In situ vitrification uses a system of electrodes, usually of graphite, with 5 cm of diameter, inserted 60 cm in the ground, forming a square of 1 m of edge. The application of electric potential to the electrodes (25 kW, 13000 V) promotes sufficient temperature increase for the fusion of most soil components (1900 C) (USEPA, 2001; BIELEFELDT, 2003).

According to Neto (2000), initially, the area of soil that will be treated is covered by a superficial layer of graphite and fiberglass that serve to initiate the process. Rectangular graphite electrodes are generally employed and spaced apart maintaining an average distance of 1.7 meters. Once the process is started, the molten soil mass grows vertically from the surface layer and longitudinally towards the center of the area to be treated, from the wall of the electrodes. With the increase of temperature, between 1600 and 2000 C, the organic materials present in the soils are initially vaporized and later occurs the pyrolysis (opening in absence of oxygen) of its constituent parts. Combustion gases, mostly airborne, move slowly through the molten mass toward the surface. One part can be dissolved in the molten mass and another part can be emitted into the environment after passing through a gas capture and treatment system. The soil is cast at rates of 4 to 6 tons per hour and results in a meltdown of 1 to 2 inches per hour. The final reaction product has great resemblance to vitreous material. While cooling, there is a total volume reduction due to the contraction during solidification.

This technique was widely used in several impacted areas of the United States (Superfunds), with a reduction in soil matrix volume ranging from 20% to 40%. Its disadvantage is the high cost and the strong emission of gases during the application (PARNELL et al., 2001).

One of the advantages observed in the application of the vitrification technique is the low leaching of the vitreous materials formed during the process. Vitreous materials are slowly leached under the action of water and have a stable structure. This feature reduces the potential for contamination of hazardous elements to the environment, allowing this technique to be very suitable for the treatment of hazardous and radioactive materials (NETO, 2000).

After turning off the electricity, the mass cools in the place, forming a monolithic glass with physical and chemical characteristics similar to those of volcanic glass. A gas collecting system is used to process the effluent gas and provide clean emission. This technique is successfully used in soil contaminated with mercury, arsenic, organochlorine pesticides and PCBs. It is also used with radioactive waste. The chemical stability achieved by this method is sufficient to maintain the chemical and physical members for more than one million years (DYMINSKI, 2006).

This technology is most commonly used for immobilization of metals, but associated with vapor extraction techniques can be efficient in the extraction of volatile organic compounds (USEPA, 2001). In this case a cover is installed covering the heated area, collecting the vapors for later treatment. The vitrified block may be left in place definitively; however, periodic sampling should be carried out in the surroundings. This measure increases the level of environmental safety (OSHA, 1993).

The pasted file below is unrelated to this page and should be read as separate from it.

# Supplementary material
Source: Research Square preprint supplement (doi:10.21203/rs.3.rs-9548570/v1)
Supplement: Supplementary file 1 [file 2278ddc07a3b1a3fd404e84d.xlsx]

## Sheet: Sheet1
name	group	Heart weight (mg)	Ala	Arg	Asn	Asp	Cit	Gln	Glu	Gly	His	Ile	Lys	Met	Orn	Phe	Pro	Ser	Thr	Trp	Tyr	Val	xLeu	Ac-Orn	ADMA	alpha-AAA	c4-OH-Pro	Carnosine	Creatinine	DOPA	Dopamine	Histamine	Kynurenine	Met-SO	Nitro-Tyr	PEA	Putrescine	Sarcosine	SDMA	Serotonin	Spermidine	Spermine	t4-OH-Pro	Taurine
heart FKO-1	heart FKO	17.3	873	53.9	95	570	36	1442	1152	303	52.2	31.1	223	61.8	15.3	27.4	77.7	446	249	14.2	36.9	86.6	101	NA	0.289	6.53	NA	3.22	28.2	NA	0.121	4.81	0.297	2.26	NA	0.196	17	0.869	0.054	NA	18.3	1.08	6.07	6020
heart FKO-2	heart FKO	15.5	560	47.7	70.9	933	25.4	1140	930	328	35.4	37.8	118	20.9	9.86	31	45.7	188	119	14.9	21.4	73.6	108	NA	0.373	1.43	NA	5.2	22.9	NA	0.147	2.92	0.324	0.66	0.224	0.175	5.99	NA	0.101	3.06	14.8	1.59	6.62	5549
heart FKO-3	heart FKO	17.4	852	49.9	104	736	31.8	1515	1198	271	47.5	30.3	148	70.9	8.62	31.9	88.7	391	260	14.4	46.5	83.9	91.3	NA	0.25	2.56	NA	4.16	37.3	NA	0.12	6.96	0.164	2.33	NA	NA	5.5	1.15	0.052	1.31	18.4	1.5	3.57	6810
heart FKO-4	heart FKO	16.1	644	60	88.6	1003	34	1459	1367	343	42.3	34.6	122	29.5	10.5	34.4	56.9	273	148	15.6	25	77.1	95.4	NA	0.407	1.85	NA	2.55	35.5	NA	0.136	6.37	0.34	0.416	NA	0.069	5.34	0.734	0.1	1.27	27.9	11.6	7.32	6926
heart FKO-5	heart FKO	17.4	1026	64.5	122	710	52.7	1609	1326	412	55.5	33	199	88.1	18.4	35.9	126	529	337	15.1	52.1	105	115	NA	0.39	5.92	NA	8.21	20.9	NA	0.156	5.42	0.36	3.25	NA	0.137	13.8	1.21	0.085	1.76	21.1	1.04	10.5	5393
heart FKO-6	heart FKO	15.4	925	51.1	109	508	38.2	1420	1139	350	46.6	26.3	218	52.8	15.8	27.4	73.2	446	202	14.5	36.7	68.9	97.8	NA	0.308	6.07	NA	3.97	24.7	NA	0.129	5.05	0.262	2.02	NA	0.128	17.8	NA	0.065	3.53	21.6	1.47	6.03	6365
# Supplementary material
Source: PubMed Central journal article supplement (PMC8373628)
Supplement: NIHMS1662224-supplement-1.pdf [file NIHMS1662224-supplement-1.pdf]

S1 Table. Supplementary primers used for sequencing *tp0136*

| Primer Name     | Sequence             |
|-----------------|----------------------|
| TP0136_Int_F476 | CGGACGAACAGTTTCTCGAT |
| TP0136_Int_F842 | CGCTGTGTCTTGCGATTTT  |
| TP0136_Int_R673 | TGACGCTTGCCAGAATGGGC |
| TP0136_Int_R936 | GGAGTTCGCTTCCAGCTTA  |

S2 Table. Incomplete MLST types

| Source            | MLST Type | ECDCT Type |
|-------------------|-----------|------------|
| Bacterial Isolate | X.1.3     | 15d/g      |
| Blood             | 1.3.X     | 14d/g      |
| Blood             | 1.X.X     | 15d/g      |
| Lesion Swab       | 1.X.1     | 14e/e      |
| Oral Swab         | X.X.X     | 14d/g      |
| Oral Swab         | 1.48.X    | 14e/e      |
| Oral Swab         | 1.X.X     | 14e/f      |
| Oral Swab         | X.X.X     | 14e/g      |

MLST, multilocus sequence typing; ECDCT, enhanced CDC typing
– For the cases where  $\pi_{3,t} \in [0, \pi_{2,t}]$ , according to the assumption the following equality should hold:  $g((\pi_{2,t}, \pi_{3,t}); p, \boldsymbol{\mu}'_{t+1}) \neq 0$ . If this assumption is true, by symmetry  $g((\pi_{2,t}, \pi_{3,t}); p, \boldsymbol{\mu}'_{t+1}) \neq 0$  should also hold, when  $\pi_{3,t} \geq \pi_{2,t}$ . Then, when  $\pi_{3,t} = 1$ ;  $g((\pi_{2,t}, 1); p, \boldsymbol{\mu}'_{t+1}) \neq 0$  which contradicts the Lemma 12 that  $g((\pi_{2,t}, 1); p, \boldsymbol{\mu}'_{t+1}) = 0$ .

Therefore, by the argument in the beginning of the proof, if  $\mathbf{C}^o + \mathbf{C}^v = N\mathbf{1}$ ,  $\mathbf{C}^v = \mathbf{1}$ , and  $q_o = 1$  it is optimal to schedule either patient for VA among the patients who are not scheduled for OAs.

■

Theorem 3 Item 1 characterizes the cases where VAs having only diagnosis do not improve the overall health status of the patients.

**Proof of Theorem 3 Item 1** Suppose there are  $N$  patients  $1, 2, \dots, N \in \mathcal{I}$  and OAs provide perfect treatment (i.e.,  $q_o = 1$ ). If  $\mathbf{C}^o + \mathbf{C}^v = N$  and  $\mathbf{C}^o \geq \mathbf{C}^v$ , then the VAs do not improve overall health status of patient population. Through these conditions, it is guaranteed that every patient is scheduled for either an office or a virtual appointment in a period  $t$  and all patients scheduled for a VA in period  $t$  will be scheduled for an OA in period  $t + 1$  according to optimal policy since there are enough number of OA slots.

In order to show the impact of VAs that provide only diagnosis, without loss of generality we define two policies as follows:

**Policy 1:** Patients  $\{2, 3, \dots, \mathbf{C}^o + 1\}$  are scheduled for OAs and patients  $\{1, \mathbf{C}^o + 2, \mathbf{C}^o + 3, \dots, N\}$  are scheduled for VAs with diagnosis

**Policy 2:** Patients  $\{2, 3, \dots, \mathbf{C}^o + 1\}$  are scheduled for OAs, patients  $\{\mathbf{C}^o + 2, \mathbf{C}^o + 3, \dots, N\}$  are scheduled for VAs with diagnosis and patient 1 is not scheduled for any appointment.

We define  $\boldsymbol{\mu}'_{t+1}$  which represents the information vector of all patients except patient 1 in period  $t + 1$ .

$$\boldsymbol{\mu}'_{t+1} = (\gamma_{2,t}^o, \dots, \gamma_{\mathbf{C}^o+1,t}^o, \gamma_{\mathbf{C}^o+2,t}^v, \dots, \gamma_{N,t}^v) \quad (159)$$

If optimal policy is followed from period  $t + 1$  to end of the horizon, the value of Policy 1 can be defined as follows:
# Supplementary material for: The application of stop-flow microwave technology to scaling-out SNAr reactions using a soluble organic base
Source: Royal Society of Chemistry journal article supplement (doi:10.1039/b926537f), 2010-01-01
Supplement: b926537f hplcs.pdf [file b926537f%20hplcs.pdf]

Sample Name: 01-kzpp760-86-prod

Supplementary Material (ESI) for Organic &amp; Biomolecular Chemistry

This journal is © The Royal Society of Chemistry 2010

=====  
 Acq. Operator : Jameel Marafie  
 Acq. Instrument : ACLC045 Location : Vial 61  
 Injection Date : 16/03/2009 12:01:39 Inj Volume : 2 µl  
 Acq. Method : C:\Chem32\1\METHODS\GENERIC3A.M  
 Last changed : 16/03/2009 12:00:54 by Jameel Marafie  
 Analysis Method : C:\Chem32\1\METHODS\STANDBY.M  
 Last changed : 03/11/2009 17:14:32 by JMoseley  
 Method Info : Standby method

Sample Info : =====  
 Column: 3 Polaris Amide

The depth of the vitrification technique is limited by the length of the graphite electrodes and by the availability of energy. Pollutants react in various ways to this remediation technique. Organic pollutants are pyrolyzed and are generally reduced in gases. The gases rise to the surface where they are collected by a gas booth for further treatment (BEHM, 1997).

Electrokinetic remediation is an in situ technology that consists in the controlled application of continuous low intensity electric currents (low intensity direct electric current) through two electrodes or more distributed in the soil. The generated electric field moves the contaminant allowing the extraction or separation of the contaminants (MATURI et al. ., 2006).

Furthermore, the electric field mobilizes electrically charged species, particles and ions in the soil by the following processes: Electromigration: Consists of the movement of the ions in the water retained in the soil under the action of an electric field generated between the anode and the cathode. The anions move toward the anode and the cations towards the cathode. Electrophoresis: It is the movement of charged particles in the soil under the action of the electric field. Electroosmosis: consists of the movement of groundwater, or aqueous solution that has been added to promote the movement of pollutants, the liquid typically flows from the anode to the cathode. Electrolysis: a set of reactive processes that happen on anodic and cathodic surfaces placed in the soil, either directly or within an electrolyte solution in contact with the soil (ACAR, ALSHAWABKEH, 1993; LOPEZ-VIZCANO et al., 2012; RODRIGO et al. 2014).

The application can occur alone or in combination with other techniques (SAICHEK; REDDY, 2003; MENA et al., 2015). The processes can be influenced by the use of surfactants or reagents to increase the rate of removal of the contaminants in the electrodes, these and other details of the technique have already been addressed in other works (BRAGATO, 2006; DOS SANTOS, 2015).